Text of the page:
Industrial automation has gone through lots of manifestations throughout the decades. It continues to include many approaches and devices, such as the following:

Numerical Control

This refers to the automated expression of work previously carried out by proficient machinists. Initially, punch card instructions ran numerically regulated machine processes. Today, programmed instructions equate into electrical signals that lead such setups as dispensing solutions, device selection, device movement, and spindle rates.

To function or check a part, produce composing strategies, or insert components (needed for electronics making), mathematical control makes use of a part program of x, y, and z coordinates to instruct a milling, cutting, or vision device. A part program consists of coded sequential machine instructions for the structure or command of a part.

Usually, a computer system runs and keeps a part program. However you can also stream a program to a part using telecommunication, a process referred to as direct numerical control. Mathematical control incorporates consistency and regular quality with a high rate of outcome.

Automated Equipment

Automated devices rely on a revolving table and accessibility that allow a part and tools to move within a minimum of three axes: the vertical and horizontal in two planes and the vertical in a 3rd plane. Modern devices can have as many as nine axes. Increments from one ten-thousandth of an inch (.0001) to as little as one-thousandth of a millimeter (.001 mm) define the work information; x, y, and z coordinates specify the placement of job specifics.

Computer-Aided Design (CAD)/ Computer-Aided Manufacturing (CAM)

Computer-aided design makes use of a computer system to design and modify items. When you have a final design, you enter it as a program and send it to a computer-aided manufacturing system. CAM systems are platforms that include all aspects of procedure preparation, production planning, scheduling, machining, and quality assurance.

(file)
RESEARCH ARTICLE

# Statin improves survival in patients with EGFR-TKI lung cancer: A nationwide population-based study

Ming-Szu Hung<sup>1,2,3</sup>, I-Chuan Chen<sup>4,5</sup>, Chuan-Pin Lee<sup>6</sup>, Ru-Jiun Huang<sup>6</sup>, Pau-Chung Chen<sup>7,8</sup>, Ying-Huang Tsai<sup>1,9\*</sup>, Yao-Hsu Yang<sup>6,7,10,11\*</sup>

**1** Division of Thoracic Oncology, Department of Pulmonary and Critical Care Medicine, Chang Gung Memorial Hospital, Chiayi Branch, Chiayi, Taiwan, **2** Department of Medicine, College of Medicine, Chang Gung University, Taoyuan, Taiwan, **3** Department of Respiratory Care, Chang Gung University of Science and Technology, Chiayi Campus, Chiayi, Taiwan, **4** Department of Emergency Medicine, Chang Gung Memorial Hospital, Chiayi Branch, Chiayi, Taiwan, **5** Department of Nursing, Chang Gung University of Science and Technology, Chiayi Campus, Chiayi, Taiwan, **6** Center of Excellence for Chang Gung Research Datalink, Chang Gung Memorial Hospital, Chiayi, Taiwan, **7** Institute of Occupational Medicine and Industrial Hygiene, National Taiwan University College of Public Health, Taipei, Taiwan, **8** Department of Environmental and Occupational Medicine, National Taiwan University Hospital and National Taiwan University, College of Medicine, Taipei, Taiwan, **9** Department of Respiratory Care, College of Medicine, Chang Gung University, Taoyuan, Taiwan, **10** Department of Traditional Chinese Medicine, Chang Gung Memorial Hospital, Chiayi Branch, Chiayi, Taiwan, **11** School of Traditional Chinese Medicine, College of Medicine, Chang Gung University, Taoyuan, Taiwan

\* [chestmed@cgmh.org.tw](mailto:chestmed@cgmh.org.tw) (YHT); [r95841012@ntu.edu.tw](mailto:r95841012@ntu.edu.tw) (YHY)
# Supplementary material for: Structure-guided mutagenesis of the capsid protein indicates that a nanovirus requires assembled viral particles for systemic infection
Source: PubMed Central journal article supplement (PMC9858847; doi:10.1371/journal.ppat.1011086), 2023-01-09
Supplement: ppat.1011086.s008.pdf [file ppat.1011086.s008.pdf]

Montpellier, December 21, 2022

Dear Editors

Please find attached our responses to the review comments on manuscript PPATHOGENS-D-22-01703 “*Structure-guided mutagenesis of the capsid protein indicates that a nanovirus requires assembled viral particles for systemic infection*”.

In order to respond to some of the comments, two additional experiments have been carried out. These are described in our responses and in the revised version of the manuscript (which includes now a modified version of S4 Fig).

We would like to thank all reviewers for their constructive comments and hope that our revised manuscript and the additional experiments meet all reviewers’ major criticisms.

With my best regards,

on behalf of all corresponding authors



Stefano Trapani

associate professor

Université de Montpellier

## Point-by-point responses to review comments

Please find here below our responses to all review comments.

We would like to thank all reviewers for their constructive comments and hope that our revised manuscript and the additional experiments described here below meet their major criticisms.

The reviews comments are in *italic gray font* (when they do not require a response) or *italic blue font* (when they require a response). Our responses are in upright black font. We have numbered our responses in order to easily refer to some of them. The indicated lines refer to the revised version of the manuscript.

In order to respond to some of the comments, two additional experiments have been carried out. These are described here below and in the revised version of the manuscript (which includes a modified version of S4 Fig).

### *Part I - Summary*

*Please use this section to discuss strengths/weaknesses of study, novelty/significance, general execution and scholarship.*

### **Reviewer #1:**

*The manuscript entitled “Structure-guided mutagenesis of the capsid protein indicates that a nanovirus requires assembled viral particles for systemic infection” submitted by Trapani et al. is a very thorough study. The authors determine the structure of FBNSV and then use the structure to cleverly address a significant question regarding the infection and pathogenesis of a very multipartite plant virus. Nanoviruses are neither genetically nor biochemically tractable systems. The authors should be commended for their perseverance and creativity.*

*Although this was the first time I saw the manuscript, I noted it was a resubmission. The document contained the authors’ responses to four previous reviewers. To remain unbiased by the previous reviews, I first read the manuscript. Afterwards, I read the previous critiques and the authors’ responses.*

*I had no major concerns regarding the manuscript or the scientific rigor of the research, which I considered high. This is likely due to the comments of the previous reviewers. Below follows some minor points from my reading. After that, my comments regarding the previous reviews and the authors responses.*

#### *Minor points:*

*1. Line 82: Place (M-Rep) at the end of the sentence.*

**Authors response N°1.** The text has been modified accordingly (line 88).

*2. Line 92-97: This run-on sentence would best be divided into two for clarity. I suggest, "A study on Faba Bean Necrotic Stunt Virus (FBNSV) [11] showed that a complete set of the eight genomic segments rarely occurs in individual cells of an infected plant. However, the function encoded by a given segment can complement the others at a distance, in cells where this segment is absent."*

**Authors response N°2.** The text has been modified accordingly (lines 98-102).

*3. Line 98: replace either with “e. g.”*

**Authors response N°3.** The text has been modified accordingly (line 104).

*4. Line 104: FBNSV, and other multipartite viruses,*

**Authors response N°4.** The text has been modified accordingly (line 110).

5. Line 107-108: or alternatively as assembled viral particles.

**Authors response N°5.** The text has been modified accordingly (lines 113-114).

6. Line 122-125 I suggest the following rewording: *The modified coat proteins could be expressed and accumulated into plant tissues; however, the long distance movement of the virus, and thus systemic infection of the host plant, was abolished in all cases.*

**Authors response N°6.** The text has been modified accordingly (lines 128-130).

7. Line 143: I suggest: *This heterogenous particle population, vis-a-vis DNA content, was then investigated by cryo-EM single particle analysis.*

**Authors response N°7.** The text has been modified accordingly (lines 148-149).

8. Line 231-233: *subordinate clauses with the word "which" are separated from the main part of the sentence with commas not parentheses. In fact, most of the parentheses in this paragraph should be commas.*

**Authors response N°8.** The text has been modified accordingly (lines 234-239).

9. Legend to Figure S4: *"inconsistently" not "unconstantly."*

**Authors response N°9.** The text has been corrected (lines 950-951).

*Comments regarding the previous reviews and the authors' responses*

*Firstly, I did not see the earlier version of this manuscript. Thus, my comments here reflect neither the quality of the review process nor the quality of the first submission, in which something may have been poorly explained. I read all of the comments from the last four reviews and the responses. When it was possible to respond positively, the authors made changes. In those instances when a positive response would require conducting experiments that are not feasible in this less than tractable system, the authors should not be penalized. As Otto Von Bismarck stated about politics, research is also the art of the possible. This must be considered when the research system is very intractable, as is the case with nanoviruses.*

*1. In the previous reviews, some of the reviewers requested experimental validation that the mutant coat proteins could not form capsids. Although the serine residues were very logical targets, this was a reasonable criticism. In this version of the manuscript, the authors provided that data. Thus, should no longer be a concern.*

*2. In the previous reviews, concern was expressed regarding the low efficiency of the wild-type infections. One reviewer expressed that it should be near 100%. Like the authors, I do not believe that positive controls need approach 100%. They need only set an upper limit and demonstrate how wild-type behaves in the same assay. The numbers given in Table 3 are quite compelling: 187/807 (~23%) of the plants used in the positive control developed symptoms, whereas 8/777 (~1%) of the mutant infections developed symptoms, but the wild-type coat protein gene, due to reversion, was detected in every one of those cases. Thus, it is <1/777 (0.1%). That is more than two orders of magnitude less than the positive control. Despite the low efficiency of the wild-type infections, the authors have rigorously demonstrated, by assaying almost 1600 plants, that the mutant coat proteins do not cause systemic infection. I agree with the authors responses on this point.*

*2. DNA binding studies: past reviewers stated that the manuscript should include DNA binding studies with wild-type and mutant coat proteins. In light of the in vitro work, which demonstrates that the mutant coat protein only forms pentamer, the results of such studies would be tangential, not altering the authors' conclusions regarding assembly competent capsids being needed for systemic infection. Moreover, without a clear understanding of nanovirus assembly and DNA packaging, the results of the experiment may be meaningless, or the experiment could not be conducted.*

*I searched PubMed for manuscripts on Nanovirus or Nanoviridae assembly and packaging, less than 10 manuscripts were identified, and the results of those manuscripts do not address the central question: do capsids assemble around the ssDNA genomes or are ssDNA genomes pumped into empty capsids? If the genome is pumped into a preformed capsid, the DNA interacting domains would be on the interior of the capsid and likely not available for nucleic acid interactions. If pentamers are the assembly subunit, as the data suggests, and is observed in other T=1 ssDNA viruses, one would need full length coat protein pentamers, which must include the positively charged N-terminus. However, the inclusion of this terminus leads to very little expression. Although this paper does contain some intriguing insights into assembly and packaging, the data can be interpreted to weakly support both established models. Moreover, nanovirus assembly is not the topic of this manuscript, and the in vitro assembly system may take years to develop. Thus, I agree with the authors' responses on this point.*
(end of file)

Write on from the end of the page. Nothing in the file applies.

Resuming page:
Islands of Automation

Prior to the advent of innovative communication protocols, such as Modbus and Ethernet, systems and work cells could not easily interact. Today, the term island of automation refers to a caged automatic system in an or else manual manufacturing facility. Separated job cells rely on the efficient organizing of tasks and on human and mechanical steps. Islands of automation get rid of the requirement for inline buffers and enable less complicated product changeover. They are suitable for developing a limited series of different, associated items in smaller batches.

Inline Assembly Systems

Inline assembly systems work to generate large quantities of one kind of product that has little differences, thus lessening item and line transition. With inline assembly, production is just as rapid as the slowest job. For that reason, manufacturing planners might implement a buffer of source materials to make sure consistent throughput. Inline setting up additionally requires much less human labour and supplies a lot more accurate planning. Nevertheless, the specialized engineering called for to develop and integrate among these purpose-built lines might be pricey.

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